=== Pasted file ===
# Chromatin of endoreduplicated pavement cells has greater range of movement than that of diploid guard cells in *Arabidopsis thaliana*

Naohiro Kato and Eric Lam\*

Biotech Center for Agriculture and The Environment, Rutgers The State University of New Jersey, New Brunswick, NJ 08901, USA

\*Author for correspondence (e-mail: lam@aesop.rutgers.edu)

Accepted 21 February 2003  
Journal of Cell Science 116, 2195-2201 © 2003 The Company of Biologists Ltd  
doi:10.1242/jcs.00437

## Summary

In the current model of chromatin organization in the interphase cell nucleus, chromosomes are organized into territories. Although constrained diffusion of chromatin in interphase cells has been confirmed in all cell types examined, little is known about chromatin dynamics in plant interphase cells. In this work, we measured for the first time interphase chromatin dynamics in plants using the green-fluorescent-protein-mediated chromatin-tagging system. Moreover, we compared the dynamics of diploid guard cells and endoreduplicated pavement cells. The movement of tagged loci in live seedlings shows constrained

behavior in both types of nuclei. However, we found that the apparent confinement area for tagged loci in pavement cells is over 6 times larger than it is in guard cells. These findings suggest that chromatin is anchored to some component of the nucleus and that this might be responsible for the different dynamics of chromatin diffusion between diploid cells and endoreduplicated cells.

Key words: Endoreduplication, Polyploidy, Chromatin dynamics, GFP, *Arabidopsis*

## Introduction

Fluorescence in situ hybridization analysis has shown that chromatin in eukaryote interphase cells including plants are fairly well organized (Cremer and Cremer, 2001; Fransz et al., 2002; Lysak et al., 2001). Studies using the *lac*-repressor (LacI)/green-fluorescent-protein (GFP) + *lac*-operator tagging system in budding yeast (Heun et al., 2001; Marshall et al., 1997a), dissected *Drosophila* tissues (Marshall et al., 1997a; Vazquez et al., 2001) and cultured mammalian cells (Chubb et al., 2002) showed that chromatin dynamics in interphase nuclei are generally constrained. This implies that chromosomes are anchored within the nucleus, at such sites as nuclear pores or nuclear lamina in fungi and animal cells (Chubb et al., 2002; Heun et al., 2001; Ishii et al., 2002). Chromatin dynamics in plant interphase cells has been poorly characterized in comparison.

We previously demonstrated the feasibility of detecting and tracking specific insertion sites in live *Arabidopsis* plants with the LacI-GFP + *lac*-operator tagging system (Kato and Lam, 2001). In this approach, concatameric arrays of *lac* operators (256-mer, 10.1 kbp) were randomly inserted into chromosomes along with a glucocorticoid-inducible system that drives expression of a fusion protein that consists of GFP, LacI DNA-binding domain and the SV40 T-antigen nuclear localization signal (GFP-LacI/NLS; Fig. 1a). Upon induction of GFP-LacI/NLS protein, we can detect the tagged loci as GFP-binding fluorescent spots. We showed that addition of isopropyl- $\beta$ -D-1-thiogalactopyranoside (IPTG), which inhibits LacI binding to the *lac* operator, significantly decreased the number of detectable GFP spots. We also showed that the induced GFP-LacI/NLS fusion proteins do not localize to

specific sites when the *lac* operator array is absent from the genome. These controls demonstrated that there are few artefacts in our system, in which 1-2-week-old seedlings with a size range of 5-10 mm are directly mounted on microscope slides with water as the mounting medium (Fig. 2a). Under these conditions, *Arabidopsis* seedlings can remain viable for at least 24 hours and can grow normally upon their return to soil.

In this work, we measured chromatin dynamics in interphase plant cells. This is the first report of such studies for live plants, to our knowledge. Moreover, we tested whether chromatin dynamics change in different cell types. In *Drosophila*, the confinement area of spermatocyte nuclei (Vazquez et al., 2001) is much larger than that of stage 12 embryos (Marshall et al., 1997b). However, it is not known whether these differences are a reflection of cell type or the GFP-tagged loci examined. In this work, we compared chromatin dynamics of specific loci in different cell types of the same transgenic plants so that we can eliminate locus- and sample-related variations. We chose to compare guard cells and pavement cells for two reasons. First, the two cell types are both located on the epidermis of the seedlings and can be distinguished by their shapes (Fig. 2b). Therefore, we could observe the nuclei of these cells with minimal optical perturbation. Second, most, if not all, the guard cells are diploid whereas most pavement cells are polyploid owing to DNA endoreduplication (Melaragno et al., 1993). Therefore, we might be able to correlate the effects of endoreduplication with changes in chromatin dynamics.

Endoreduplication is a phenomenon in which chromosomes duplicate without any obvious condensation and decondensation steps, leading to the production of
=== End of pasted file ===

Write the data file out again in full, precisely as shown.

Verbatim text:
# Chromatin of endoreduplicated pavement cells has greater range of movement than that of diploid guard cells in *Arabidopsis thaliana*

Naohiro Kato and Eric Lam\*

Biotech Center for Agriculture and The Environment, Rutgers The State University of New Jersey, New Brunswick, NJ 08901, USA

\*Author for correspondence (e-mail: lam@aesop.rutgers.edu)

Accepted 21 February 2003  
Journal of Cell Science 116, 2195-2201 © 2003 The Company of Biologists Ltd  
doi:10.1242/jcs.00437

## Summary

In the current model of chromatin organization in the interphase cell nucleus, chromosomes are organized into territories. Although constrained diffusion of chromatin in interphase cells has been confirmed in all cell types examined, little is known about chromatin dynamics in plant interphase cells. In this work, we measured for the first time interphase chromatin dynamics in plants using the green-fluorescent-protein-mediated chromatin-tagging system. Moreover, we compared the dynamics of diploid guard cells and endoreduplicated pavement cells. The movement of tagged loci in live seedlings shows constrained

behavior in both types of nuclei. However, we found that the apparent confinement area for tagged loci in pavement cells is over 6 times larger than it is in guard cells. These findings suggest that chromatin is anchored to some component of the nucleus and that this might be responsible for the different dynamics of chromatin diffusion between diploid cells and endoreduplicated cells.

Key words: Endoreduplication, Polyploidy, Chromatin dynamics, GFP, *Arabidopsis*

## Introduction

Fluorescence in situ hybridization analysis has shown that chromatin in eukaryote interphase cells including plants are fairly well organized (Cremer and Cremer, 2001; Fransz et al., 2002; Lysak et al., 2001). Studies using the *lac*-repressor (LacI)/green-fluorescent-protein (GFP) + *lac*-operator tagging system in budding yeast (Heun et al., 2001; Marshall et al., 1997a), dissected *Drosophila* tissues (Marshall et al., 1997a; Vazquez et al., 2001) and cultured mammalian cells (Chubb et al., 2002) showed that chromatin dynamics in interphase nuclei are generally constrained. This implies that chromosomes are anchored within the nucleus, at such sites as nuclear pores or nuclear lamina in fungi and animal cells (Chubb et al., 2002; Heun et al., 2001; Ishii et al., 2002). Chromatin dynamics in plant interphase cells has been poorly characterized in comparison.

We previously demonstrated the feasibility of detecting and tracking specific insertion sites in live *Arabidopsis* plants with the LacI-GFP + *lac*-operator tagging system (Kato and Lam, 2001). In this approach, concatameric arrays of *lac* operators (256-mer, 10.1 kbp) were randomly inserted into chromosomes along with a glucocorticoid-inducible system that drives expression of a fusion protein that consists of GFP, LacI DNA-binding domain and the SV40 T-antigen nuclear localization signal (GFP-LacI/NLS; Fig. 1a). Upon induction of GFP-LacI/NLS protein, we can detect the tagged loci as GFP-binding fluorescent spots. We showed that addition of isopropyl- $\beta$ -D-1-thiogalactopyranoside (IPTG), which inhibits LacI binding to the *lac* operator, significantly decreased the number of detectable GFP spots. We also showed that the induced GFP-LacI/NLS fusion proteins do not localize to

specific sites when the *lac* operator array is absent from the genome. These controls demonstrated that there are few artefacts in our system, in which 1-2-week-old seedlings with a size range of 5-10 mm are directly mounted on microscope slides with water as the mounting medium (Fig. 2a). Under these conditions, *Arabidopsis* seedlings can remain viable for at least 24 hours and can grow normally upon their return to soil.

In this work, we measured chromatin dynamics in interphase plant cells. This is the first report of such studies for live plants, to our knowledge. Moreover, we tested whether chromatin dynamics change in different cell types. In *Drosophila*, the confinement area of spermatocyte nuclei (Vazquez et al., 2001) is much larger than that of stage 12 embryos (Marshall et al., 1997b). However, it is not known whether these differences are a reflection of cell type or the GFP-tagged loci examined. In this work, we compared chromatin dynamics of specific loci in different cell types of the same transgenic plants so that we can eliminate locus- and sample-related variations. We chose to compare guard cells and pavement cells for two reasons. First, the two cell types are both located on the epidermis of the seedlings and can be distinguished by their shapes (Fig. 2b). Therefore, we could observe the nuclei of these cells with minimal optical perturbation. Second, most, if not all, the guard cells are diploid whereas most pavement cells are polyploid owing to DNA endoreduplication (Melaragno et al., 1993). Therefore, we might be able to correlate the effects of endoreduplication with changes in chromatin dynamics.

Endoreduplication is a phenomenon in which chromosomes duplicate without any obvious condensation and decondensation steps, leading to the production of